- Aspect Ratio: 2.40:1
- Video Codec: AVC/MPEG-4
- Resolution: 1080p/24
- Audio Codec: DTS-HD Master Audio 5.1; French Dolby Digital 5.1
- Subtitles: English SDH, French, Spanish
- Region: A (Region-Locked)
- Rating: R
- Discs: 1 (1 x Blu-ray)
- Studio: Miramax/LionsGate
- Blu-ray Release Date: October 16, 2012
- List Price: $14.99
Click thumbnails for high-resolution 1920X1080p screen captures
(All TheaterByte screen captures are lightly compressed with lossy JPEG at 100% quality setting and are meant as a general representation of the content. They do not fully reveal the capabilities of the Blu-ray format)
Family-themed movies can be heart-warming like It’s a Wonderful Life. However, there is a fine line between honest emotion and mawkishness. Everybody’s Fine is a well-crafted film that skirts but never crosses the sentimental line in the sand. Robert De Niro (Limitless; Cop Land; A Bronx Tale; Goodfellas; Raging Bull; The Deer Hunter) plays Frank Goode, a widower who is planning a reunion dinner with his children Rosie (Drew Barrymore; Whip It; Scream), Amy (Kate Beckinsale; Underworld: Awakening; Whiteout; The Aviator; Serendipity; The Last Days of Disco), David (Austin Lysy) and Robert (Sam Rockwell). Things don’t exactly work out the way he planned as, Rosie, Amy and Robert cancel on him while David is missing in action. So Frank takes things into his own hands and plans a cross country odyssey to visit them individually. But as the poet Robert Burns so perfectly put it “the best laid plans of mice and men gang aft agley.” As each visit spins out, it becomes obvious that the father-child relationships are pretty strained, even more so since Frank’s wife died. There are the frequent reality vs idealism moments that define families and these are eloquently captured in Everybody’s Fine. The children that we do get to meet have lives quite different from those that Frank envisioned for them. Using the device of seeing each child through Frank’s eyes as still a child, you begin to understand the basis for his disconnect with them. Viewers with an acute sense of déjà vu will recognize the plot outlines from a 1990 Italian film, Stanno tutti bene, directed by Giuseppe Tornatore and starring the incomparable Marcello Mastroianni. Watching this intimate portrayal of a family that has lost its unifying character is not easy going but writer/director Kirk Jones makes it work with a strong cast and script.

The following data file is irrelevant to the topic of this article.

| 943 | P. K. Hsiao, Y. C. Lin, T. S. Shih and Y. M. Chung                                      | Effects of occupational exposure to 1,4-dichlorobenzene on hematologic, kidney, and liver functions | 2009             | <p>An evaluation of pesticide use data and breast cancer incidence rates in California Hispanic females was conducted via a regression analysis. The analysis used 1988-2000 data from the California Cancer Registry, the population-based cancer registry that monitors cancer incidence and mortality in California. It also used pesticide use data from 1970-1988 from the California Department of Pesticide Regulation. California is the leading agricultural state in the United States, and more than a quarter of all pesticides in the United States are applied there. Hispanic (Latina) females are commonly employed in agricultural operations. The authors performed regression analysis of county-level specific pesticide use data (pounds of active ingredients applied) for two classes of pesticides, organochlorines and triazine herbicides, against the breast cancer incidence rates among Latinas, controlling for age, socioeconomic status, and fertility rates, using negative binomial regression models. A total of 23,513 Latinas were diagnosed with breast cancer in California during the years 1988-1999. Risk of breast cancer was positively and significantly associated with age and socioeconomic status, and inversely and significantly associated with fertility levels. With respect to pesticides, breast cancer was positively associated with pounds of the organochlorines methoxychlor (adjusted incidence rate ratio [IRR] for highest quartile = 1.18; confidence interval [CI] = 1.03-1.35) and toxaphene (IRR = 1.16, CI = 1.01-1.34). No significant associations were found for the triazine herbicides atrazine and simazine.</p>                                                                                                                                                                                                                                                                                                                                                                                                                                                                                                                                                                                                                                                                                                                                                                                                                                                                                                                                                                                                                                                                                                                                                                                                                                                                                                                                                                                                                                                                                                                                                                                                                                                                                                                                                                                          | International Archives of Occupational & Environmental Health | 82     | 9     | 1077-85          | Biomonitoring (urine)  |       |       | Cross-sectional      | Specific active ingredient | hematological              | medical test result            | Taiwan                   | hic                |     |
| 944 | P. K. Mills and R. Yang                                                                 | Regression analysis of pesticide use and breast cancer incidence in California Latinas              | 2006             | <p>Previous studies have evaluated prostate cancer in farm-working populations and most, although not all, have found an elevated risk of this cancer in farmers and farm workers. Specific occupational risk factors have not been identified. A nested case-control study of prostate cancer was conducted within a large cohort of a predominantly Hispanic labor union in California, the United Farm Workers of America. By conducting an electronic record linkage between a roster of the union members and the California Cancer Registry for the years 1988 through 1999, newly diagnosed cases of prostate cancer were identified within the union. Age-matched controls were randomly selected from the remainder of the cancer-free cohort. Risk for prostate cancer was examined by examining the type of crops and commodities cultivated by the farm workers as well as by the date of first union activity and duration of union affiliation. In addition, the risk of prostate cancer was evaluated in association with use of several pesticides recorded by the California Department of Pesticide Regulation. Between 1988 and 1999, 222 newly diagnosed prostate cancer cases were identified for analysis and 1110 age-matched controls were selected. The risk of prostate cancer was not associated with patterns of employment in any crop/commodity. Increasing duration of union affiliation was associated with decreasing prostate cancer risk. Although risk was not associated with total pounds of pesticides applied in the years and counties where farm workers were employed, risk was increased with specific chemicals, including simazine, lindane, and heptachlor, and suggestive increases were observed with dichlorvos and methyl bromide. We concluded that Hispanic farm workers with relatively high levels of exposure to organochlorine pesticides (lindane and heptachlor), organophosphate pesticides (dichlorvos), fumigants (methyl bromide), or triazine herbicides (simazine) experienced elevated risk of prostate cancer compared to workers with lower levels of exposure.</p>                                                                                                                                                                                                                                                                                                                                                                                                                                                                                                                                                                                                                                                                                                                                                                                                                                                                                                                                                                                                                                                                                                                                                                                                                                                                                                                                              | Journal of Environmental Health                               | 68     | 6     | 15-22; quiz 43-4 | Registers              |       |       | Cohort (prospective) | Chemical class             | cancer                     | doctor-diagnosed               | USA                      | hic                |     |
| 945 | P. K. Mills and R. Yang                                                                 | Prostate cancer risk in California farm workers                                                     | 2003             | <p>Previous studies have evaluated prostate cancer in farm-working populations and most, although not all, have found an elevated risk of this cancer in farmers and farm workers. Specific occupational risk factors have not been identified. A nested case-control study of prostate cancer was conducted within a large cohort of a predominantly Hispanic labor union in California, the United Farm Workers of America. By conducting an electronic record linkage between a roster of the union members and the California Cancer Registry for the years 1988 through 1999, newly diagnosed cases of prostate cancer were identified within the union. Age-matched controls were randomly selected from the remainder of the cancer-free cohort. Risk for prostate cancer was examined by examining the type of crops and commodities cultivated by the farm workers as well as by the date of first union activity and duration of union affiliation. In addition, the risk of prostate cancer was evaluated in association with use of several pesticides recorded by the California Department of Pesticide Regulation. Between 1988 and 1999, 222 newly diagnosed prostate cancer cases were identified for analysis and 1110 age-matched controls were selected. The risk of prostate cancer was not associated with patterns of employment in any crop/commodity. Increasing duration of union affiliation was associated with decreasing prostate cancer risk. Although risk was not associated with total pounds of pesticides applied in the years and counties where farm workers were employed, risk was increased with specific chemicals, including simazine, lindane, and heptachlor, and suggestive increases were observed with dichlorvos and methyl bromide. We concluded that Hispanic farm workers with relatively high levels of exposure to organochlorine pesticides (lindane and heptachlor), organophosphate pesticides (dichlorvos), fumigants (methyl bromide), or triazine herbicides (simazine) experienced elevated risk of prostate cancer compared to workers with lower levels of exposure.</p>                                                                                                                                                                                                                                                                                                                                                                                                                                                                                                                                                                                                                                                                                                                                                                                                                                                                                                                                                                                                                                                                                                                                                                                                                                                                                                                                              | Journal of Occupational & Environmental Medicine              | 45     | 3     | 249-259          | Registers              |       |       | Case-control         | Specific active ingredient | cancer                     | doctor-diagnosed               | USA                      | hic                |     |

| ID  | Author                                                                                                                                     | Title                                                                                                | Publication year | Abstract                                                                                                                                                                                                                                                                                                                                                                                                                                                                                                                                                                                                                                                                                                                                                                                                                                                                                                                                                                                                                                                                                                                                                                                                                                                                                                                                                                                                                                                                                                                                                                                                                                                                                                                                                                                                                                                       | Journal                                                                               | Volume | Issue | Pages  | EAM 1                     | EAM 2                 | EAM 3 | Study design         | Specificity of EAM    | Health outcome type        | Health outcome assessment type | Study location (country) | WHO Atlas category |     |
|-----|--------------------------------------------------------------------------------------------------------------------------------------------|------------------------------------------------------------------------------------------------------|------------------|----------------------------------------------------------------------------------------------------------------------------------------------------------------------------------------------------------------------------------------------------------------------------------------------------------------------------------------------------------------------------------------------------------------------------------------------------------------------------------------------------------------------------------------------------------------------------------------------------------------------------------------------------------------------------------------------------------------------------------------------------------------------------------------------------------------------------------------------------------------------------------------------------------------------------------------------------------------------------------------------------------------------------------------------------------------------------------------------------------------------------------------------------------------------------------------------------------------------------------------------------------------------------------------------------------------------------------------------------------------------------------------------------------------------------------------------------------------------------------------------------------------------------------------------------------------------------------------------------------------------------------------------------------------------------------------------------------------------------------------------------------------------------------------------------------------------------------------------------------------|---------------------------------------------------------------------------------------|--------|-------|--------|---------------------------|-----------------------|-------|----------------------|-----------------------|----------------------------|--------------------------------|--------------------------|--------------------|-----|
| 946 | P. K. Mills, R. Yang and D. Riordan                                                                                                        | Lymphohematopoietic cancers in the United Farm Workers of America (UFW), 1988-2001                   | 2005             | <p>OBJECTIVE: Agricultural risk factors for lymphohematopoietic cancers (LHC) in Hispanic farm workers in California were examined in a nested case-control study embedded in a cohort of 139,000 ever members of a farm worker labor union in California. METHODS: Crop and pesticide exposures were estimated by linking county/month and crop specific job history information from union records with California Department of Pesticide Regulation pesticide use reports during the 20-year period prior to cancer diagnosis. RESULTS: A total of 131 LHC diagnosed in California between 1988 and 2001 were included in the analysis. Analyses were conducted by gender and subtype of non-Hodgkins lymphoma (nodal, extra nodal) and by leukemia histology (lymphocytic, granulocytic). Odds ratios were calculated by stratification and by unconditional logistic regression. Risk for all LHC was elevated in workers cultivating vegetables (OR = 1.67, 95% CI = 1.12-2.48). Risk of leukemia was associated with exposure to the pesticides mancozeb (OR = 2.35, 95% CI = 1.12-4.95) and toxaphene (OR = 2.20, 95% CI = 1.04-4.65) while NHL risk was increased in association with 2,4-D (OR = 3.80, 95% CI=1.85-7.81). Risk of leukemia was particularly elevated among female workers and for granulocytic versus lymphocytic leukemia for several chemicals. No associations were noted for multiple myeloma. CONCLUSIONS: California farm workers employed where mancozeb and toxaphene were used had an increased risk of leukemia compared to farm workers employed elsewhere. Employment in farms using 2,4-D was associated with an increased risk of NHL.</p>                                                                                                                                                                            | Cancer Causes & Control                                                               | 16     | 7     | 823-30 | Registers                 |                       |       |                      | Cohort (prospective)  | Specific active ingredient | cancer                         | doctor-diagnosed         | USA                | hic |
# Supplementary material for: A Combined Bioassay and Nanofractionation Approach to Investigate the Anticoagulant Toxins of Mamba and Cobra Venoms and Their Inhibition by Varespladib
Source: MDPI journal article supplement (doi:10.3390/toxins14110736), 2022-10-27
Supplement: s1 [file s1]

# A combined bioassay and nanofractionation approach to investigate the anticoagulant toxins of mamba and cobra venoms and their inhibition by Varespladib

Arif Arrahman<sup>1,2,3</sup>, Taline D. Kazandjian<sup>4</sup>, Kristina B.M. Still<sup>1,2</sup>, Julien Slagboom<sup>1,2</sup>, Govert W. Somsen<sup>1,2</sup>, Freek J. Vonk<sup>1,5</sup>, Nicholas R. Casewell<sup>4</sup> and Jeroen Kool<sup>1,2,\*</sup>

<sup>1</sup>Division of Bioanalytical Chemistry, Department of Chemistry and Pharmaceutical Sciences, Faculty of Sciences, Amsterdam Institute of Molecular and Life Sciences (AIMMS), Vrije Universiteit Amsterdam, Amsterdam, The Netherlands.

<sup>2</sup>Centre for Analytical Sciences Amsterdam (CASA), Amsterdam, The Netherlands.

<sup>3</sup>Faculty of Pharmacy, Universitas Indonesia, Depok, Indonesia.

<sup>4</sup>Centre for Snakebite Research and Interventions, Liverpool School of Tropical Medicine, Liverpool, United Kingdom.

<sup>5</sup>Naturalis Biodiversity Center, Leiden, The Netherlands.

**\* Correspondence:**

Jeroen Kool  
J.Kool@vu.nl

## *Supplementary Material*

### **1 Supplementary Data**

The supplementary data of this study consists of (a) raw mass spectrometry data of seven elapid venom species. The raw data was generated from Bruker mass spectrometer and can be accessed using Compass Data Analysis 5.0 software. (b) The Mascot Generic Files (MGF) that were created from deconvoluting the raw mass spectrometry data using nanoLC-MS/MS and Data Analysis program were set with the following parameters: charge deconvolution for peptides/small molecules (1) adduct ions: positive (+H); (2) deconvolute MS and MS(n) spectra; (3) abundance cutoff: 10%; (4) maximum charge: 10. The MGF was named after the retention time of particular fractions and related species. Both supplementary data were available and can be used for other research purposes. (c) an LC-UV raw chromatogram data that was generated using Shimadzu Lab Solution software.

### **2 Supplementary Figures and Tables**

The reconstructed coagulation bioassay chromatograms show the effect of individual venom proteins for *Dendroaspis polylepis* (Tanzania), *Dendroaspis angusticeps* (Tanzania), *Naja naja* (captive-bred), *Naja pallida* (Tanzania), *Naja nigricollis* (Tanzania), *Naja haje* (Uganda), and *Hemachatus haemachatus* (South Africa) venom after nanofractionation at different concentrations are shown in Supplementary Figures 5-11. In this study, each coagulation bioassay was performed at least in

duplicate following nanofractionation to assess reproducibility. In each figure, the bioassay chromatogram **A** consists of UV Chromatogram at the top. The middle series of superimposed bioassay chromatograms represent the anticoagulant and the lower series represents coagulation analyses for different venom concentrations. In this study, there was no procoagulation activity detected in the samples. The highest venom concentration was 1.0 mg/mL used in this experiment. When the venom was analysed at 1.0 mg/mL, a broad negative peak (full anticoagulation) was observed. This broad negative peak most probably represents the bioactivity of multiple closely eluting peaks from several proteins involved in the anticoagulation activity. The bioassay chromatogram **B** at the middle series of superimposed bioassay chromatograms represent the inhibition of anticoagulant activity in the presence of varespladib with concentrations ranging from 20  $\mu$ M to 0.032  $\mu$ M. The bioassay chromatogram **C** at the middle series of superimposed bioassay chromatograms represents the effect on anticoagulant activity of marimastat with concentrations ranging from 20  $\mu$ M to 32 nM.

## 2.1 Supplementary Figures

This 2009 film has excellent cinematography that defines the effective relationship of the characters to each other. Detail is generally good but some of the scenes, particularly the indoor closeups have noticeable graininess.
As a dialogue-driven film, we get very clear projection in the DTS-HD Master Audio soundtrack. There is little ambience and with the exception of a tuneful Paul McCartney ditty, the background music is unexceptional.
There is a package of brief extras:
- Deleted and Extended Scenes: a brief look into those that did not make the cut.
- The Making of Paul McCartney’s “I Want To Come Home.”
Taken as a whole this is small stuff and adds little to the film.
The Definitive Word
There is such poignancy to this film that it is hard to watch without getting a lump in the throat. Given a great cast with a script to match, this movie grabs your attention from the beginning and does not release it until the end. Of course, De Niro is the major reason for seeing Everybody’s Fine. As his career has progressed, De Niro has moved from the mainly tough guy roles to those that demonstrate his sensitive side. He captures perfectly Frank’s difficulty in relating to his children as they are rather than as he had hoped they would be. Be prepared to cry, and believe me you will, this one is just that good.
Additional Screen Captures